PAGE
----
"IL-17 was increased in ASD [autism spectrum disorder] children with co-morbid asthma compared to controls with the same condition."
That was the conclusion reached by Marjannie Eloi Akintunde and colleagues  including some notable names on the authorship list from the University of California, Davis. IL-17 (Interleukin 17) by the way, refers to a group of cytokines - chemical messengers of the immune system - linked to various processes centred on inflammation. Jin & Dong  provide quite a good overview of the complexities of IL-17 with respect to immune function and inflammation.
Asthma crops up yet again on this blog. Based on the idea that overlapping diagnoses of autism and asthma might be more frequent than one would perhaps anticipate (see here and see here), researchers looked at the production of various cytokines including IL-17 in biological samples provided by a group of young children with ASD compared to asymptomatic controls "following ex vivo mitogen stimulation." They reported that levels of IL-17 were elevated in samples from the group with ASD compared to controls and for those with ASD and comorbid asthma, levels of IL-17 were elevated compared with those diagnosed with ASD minus asthma.
This is not the first time that IL-17 has cropped up on the autism research radar as per the findings reported by Al-Ayadhi & Mostafa  also covered on this blog (see here). Other, more case report data has also hinted that IL-17 as part of a "proinflammatory, autoimmune-polarized cytokine profile"  might also show some connection with [some] autism. Even some of the co-authors on the Akintunde paper have previously reported on IL-17 in relation to autism  albeit not necessarily central to the cytokine 'profile' of autism.
It is important to note that whilst there were group differences noted between autism and controls, the idea that IL-17 might distinguish autism + asthma from autism alone is not an entirely unexpected finding. Elevated levels of IL-17 have been reported in cases of asthma  and in some quarters, has been touted as a possible 'therapeutic target' specifically in those cases of steroid-insensitive asthma . Questions do however remain about the hows and whys of the association between autism and asthma and importantly, whether there may be overlapping aetiological factors leading to both conditions developing alongside the idea that other comorbidity might be also implicated (see here).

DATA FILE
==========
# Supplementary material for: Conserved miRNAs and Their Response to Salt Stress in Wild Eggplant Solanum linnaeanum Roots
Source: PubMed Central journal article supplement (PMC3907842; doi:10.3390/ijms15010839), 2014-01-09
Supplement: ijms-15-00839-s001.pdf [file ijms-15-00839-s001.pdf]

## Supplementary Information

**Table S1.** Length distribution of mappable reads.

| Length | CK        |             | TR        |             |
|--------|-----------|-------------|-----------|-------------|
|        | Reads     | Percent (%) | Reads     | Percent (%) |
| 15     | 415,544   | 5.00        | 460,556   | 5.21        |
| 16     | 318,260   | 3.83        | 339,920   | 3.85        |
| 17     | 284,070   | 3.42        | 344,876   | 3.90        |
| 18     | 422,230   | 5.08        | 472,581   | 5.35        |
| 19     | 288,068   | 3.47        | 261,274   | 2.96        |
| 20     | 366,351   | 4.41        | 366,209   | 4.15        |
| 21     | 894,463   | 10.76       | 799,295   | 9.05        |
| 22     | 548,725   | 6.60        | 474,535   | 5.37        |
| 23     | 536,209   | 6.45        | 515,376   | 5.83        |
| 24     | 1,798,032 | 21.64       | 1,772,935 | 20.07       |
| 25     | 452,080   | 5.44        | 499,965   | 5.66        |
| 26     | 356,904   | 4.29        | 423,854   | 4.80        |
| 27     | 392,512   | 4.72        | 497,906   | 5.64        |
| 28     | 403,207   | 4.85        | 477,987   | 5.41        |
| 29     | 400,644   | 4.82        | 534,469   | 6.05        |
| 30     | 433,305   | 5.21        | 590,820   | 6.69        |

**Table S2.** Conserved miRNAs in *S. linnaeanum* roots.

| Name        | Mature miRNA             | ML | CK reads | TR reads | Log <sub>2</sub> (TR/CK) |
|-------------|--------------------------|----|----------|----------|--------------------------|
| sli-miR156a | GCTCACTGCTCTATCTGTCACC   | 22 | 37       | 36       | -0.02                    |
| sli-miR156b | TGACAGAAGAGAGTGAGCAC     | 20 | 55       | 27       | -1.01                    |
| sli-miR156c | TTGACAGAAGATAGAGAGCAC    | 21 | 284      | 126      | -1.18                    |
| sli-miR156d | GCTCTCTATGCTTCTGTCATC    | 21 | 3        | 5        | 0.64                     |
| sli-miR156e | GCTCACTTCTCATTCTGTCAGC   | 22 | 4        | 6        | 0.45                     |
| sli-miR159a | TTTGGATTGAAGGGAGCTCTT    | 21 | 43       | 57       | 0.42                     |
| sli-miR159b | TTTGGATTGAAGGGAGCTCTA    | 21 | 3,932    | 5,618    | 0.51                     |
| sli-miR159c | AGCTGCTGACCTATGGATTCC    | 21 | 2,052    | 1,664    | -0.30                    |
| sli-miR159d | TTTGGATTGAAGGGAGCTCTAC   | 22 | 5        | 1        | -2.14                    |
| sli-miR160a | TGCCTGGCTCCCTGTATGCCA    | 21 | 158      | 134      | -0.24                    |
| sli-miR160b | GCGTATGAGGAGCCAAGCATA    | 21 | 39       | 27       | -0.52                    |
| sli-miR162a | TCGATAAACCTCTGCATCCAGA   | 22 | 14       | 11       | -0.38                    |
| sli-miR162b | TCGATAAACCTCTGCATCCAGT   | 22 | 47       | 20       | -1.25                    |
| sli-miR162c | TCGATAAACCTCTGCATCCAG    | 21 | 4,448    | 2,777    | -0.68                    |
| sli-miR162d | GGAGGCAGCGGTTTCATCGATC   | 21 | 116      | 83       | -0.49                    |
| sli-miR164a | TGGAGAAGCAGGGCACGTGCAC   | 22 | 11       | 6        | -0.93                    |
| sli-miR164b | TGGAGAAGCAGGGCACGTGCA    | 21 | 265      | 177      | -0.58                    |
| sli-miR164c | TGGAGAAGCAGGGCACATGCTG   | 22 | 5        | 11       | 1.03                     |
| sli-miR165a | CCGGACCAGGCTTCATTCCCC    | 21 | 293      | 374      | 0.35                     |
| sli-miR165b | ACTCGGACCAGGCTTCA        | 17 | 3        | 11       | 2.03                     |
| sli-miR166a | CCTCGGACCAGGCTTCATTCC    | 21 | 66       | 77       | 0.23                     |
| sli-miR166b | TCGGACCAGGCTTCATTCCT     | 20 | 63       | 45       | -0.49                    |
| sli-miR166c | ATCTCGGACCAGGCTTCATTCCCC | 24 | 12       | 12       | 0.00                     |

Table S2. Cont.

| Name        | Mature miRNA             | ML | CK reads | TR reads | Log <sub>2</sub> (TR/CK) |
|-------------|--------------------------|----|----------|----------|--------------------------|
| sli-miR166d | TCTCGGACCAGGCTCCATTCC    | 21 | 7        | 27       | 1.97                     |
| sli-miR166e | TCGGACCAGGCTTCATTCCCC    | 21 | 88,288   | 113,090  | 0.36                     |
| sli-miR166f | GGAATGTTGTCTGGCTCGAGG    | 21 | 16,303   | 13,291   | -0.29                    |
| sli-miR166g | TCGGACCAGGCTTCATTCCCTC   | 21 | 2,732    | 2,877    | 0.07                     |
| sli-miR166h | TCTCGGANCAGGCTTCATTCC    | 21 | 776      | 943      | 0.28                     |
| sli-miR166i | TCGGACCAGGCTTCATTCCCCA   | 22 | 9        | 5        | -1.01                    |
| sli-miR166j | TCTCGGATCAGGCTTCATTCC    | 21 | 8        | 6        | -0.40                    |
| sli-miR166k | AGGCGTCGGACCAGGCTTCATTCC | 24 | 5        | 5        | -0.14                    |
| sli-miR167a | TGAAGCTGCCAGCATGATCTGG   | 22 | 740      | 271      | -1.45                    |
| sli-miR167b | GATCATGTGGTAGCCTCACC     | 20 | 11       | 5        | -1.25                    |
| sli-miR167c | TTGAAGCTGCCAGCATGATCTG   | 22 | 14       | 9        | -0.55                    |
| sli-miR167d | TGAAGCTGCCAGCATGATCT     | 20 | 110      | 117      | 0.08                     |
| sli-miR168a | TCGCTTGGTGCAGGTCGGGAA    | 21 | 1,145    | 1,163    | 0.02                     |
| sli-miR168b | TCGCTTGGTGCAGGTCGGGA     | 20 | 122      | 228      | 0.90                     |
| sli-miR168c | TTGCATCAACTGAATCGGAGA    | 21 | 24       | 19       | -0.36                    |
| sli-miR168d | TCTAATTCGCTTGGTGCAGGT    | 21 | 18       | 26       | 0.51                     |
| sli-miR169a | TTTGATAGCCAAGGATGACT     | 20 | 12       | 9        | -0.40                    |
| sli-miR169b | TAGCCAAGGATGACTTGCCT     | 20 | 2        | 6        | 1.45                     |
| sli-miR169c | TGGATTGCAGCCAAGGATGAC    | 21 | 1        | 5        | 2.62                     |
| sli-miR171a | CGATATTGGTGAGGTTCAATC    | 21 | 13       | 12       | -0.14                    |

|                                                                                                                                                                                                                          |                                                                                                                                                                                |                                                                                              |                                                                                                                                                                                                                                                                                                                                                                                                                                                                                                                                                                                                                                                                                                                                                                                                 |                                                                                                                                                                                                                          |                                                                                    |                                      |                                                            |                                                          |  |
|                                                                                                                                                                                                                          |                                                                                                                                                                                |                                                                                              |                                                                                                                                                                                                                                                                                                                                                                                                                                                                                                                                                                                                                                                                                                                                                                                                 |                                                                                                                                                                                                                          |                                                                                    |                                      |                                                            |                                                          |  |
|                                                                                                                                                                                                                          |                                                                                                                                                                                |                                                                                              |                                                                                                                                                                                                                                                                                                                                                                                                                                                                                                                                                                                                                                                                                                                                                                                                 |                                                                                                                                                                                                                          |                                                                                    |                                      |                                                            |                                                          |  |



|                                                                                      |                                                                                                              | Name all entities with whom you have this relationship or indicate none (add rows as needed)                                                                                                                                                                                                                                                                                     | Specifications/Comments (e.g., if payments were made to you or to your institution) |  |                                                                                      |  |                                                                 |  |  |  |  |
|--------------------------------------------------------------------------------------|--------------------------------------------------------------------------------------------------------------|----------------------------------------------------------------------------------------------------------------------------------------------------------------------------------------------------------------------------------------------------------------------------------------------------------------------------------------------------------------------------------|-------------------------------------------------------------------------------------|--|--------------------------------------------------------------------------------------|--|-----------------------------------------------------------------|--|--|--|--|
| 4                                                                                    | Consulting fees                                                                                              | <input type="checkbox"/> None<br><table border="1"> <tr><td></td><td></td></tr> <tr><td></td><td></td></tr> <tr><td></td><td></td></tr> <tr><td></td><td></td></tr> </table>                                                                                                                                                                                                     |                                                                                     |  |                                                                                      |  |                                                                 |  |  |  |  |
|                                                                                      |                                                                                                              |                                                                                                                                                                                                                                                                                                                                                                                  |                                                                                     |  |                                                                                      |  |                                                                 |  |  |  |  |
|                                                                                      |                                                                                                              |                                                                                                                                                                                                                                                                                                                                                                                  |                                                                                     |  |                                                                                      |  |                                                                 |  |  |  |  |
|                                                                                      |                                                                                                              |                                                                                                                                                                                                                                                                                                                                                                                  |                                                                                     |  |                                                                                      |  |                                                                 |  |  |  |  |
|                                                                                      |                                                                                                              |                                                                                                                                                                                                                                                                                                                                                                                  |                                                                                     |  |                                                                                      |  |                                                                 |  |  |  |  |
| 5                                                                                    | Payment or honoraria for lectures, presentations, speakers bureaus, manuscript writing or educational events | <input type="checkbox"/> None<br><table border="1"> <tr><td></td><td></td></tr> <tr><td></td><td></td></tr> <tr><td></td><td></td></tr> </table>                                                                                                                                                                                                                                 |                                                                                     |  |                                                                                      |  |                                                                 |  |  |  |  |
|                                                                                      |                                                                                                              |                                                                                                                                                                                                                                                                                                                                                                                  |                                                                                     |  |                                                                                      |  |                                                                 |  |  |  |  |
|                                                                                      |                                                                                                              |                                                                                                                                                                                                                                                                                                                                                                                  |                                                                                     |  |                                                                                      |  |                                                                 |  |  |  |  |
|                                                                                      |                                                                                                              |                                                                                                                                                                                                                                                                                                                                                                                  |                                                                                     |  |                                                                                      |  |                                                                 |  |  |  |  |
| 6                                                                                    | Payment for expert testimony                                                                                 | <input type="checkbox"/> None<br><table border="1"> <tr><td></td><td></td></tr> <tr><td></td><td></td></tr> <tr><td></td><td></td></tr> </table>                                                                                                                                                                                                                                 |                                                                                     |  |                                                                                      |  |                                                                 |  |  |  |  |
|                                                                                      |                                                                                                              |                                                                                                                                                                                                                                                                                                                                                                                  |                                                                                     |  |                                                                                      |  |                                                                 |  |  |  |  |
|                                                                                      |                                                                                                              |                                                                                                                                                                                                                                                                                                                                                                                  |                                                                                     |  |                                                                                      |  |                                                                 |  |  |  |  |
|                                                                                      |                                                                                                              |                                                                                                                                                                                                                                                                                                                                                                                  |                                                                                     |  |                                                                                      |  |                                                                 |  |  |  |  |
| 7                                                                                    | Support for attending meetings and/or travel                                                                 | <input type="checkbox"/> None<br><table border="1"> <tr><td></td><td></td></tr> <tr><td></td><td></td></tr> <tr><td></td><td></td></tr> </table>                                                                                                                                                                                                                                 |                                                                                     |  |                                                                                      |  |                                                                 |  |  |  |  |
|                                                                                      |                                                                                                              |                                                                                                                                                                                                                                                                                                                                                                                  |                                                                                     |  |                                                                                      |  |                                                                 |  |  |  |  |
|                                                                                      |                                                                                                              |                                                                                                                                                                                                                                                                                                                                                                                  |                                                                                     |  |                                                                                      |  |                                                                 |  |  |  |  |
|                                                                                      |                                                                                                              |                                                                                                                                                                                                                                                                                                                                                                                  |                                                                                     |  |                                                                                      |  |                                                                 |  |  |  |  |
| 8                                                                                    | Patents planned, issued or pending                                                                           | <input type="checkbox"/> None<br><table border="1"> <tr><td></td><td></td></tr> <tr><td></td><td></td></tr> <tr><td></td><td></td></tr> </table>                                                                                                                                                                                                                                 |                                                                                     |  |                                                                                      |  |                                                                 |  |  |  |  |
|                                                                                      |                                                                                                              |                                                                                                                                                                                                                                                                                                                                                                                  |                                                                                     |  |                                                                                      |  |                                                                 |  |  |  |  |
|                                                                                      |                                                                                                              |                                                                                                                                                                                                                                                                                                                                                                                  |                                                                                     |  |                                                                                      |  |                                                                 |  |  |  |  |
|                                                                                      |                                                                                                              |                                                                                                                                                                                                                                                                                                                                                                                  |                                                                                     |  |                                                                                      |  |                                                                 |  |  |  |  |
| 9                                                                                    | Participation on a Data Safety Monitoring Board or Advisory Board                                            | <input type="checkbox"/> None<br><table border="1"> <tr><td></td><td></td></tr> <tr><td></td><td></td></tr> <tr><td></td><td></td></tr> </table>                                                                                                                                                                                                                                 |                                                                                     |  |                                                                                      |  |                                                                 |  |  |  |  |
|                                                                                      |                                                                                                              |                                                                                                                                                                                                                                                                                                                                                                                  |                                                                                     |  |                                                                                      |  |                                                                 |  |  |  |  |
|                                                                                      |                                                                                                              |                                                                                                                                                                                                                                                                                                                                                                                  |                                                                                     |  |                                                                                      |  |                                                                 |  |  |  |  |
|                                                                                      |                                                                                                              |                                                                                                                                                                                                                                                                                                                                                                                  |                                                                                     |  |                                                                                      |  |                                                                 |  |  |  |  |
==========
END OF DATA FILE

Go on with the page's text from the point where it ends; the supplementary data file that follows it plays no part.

Music: MGMT - Time To Pretend.
 Akintunde ME. et al. Increased production of IL-17 in children with autism spectrum disorders and co-morbid asthma. Journal of Neuroimmunology. 2015. July 11.
 Jin W. & Dong C. IL-17 cytokines in immunity and inflammation. Emerging Microbes & Infections. 2013; 2: e60.
 Al-Ayadhi LY. & Mostafa GA. Elevated serum levels of interleukin-17A in children with autism. J Neuroinflammation. 2012 Jul 2;9:158.
 Magid-Bernstein J. et al. Case report: cytokine and CD4+ T-cell profiles of monozygotic twins with autism and divergent comorbidities and drug treatment. J Child Neurol. 2015 Mar;30(3):386-90.
 Onore C. et al. Decreased cellular IL-23 but not IL-17 production in children with autism spectrum disorders. J Neuroimmunol. 2009 Nov 30;216(1-2):126-9.
 Chesné J. et al. IL-17 in severe asthma. Where do we stand? Am J Respir Crit Care Med. 2014 Nov 15;190(10):1094-101.
 Morishima Y. et al. Th17-associated cytokines as a therapeutic target for steroid-insensitive asthma. Clin Dev Immunol. 2013;2013:609395.
Akintunde, M., Rose, M., Krakowiak, P., Heuer, L., Ashwood, P., Hansen, R., Hertz-Picciotto, I., & Van de Water, J. (2015). Increased production of IL-17 in children with autism spectrum disorders and co-morbid asthma Journal of Neuroimmunology DOI: 10.1016/j.jneuroim.2015.07.003